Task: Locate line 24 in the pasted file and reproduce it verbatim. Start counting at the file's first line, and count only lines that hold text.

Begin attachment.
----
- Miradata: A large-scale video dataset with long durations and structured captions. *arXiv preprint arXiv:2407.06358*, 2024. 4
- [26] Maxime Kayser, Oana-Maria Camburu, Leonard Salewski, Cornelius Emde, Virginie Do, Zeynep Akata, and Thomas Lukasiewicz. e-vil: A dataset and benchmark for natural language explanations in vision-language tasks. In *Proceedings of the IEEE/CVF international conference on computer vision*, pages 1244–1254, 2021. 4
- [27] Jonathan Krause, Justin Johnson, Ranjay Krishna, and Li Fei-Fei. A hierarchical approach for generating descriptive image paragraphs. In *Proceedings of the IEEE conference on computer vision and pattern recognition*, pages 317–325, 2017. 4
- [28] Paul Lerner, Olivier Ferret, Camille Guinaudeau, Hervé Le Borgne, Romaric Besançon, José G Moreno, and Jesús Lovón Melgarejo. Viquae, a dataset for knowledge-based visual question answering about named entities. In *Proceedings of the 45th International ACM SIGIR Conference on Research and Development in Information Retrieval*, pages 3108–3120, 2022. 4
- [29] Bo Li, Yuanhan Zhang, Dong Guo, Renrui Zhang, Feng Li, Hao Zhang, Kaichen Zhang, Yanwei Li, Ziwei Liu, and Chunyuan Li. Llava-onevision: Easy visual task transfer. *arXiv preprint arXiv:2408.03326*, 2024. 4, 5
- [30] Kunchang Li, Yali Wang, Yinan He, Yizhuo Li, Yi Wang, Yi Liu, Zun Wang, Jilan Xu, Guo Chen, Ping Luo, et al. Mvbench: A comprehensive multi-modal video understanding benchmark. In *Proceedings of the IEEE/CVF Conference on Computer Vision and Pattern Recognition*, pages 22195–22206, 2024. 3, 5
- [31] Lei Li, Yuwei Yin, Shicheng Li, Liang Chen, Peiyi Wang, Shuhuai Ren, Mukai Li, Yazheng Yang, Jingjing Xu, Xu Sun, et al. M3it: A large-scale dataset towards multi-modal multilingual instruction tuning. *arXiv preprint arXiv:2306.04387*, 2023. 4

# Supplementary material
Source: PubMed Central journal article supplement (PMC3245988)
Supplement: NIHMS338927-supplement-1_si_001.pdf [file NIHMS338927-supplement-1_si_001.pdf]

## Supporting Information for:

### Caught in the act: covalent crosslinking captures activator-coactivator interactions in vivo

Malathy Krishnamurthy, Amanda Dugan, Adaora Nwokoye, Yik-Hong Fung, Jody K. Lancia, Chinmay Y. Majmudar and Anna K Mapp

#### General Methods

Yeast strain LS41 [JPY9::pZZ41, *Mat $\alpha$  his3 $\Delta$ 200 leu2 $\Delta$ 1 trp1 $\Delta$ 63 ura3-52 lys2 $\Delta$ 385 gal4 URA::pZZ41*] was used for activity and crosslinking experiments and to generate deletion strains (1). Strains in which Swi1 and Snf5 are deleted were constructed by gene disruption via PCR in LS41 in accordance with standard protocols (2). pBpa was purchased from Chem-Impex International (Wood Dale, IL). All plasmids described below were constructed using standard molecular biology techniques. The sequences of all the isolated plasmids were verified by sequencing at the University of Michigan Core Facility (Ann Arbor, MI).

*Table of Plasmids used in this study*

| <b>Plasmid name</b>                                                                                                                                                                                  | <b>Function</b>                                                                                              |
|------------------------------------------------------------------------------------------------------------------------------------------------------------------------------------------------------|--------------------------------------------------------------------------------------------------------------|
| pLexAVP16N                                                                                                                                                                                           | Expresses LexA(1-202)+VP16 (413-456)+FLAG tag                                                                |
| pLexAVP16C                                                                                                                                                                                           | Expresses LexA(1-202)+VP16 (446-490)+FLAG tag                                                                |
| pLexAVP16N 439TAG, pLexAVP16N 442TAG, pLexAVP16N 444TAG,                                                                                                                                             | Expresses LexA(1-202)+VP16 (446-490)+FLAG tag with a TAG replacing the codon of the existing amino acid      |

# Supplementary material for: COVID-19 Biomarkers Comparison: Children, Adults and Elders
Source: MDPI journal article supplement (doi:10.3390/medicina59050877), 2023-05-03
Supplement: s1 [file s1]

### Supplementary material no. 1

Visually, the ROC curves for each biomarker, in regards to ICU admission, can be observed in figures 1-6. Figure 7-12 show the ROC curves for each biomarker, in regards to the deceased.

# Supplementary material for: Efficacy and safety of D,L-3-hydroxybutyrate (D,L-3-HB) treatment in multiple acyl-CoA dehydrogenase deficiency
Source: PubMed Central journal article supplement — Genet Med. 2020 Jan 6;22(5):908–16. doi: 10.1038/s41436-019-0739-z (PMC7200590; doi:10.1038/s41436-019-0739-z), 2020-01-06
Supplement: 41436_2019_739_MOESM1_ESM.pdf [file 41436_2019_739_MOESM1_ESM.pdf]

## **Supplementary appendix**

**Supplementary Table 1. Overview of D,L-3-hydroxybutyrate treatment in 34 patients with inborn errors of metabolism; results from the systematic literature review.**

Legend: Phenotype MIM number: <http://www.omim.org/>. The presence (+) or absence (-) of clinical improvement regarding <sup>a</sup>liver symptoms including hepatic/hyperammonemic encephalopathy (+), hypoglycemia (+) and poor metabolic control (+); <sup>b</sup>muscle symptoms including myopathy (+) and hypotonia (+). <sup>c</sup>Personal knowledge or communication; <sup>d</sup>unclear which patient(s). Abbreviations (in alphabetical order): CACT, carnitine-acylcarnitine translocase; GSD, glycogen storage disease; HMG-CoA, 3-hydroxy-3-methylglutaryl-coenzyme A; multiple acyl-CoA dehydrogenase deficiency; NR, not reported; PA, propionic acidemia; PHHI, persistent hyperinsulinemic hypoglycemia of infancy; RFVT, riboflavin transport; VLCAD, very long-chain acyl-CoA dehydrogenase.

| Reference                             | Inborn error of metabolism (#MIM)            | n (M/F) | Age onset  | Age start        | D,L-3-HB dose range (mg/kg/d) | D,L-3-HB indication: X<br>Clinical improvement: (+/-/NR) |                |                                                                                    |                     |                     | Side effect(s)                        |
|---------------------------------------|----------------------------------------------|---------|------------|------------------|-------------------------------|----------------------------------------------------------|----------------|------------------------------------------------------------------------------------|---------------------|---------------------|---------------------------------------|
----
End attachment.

Supplement: s1 [file s1]